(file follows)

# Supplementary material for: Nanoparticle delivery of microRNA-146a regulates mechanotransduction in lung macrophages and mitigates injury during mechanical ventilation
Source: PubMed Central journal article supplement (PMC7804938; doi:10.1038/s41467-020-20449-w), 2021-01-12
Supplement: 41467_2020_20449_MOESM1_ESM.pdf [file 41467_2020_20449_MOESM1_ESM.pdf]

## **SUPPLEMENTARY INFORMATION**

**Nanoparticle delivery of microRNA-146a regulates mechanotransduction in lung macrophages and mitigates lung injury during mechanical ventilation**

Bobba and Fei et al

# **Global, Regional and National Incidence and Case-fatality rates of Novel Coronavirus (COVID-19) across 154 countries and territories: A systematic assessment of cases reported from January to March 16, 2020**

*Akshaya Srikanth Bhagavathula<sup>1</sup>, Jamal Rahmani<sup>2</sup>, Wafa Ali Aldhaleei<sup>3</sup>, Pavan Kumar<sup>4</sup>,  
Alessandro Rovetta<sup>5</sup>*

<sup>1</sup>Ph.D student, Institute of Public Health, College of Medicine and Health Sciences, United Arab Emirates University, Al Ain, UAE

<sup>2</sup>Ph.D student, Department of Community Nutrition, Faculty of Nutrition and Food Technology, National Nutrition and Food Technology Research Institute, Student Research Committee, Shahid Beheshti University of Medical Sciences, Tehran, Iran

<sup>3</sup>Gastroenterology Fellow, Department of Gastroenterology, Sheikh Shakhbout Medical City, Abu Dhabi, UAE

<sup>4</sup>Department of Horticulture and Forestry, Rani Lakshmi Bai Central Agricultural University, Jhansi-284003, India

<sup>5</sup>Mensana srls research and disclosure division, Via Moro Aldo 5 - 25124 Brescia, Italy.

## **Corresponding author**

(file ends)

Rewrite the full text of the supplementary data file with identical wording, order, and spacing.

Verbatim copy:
# Supplementary material for: Nanoparticle delivery of microRNA-146a regulates mechanotransduction in lung macrophages and mitigates injury during mechanical ventilation
Source: PubMed Central journal article supplement (PMC7804938; doi:10.1038/s41467-020-20449-w), 2021-01-12
Supplement: 41467_2020_20449_MOESM1_ESM.pdf [file 41467_2020_20449_MOESM1_ESM.pdf]

## **SUPPLEMENTARY INFORMATION**

**Nanoparticle delivery of microRNA-146a regulates mechanotransduction in lung macrophages and mitigates lung injury during mechanical ventilation**

Bobba and Fei et al

# **Global, Regional and National Incidence and Case-fatality rates of Novel Coronavirus (COVID-19) across 154 countries and territories: A systematic assessment of cases reported from January to March 16, 2020**

*Akshaya Srikanth Bhagavathula<sup>1</sup>, Jamal Rahmani<sup>2</sup>, Wafa Ali Aldhaleei<sup>3</sup>, Pavan Kumar<sup>4</sup>,  
Alessandro Rovetta<sup>5</sup>*

<sup>1</sup>Ph.D student, Institute of Public Health, College of Medicine and Health Sciences, United Arab Emirates University, Al Ain, UAE

<sup>2</sup>Ph.D student, Department of Community Nutrition, Faculty of Nutrition and Food Technology, National Nutrition and Food Technology Research Institute, Student Research Committee, Shahid Beheshti University of Medical Sciences, Tehran, Iran

<sup>3</sup>Gastroenterology Fellow, Department of Gastroenterology, Sheikh Shakhbout Medical City, Abu Dhabi, UAE

<sup>4</sup>Department of Horticulture and Forestry, Rani Lakshmi Bai Central Agricultural University, Jhansi-284003, India

<sup>5</sup>Mensana srls research and disclosure division, Via Moro Aldo 5 - 25124 Brescia, Italy.

## **Corresponding author**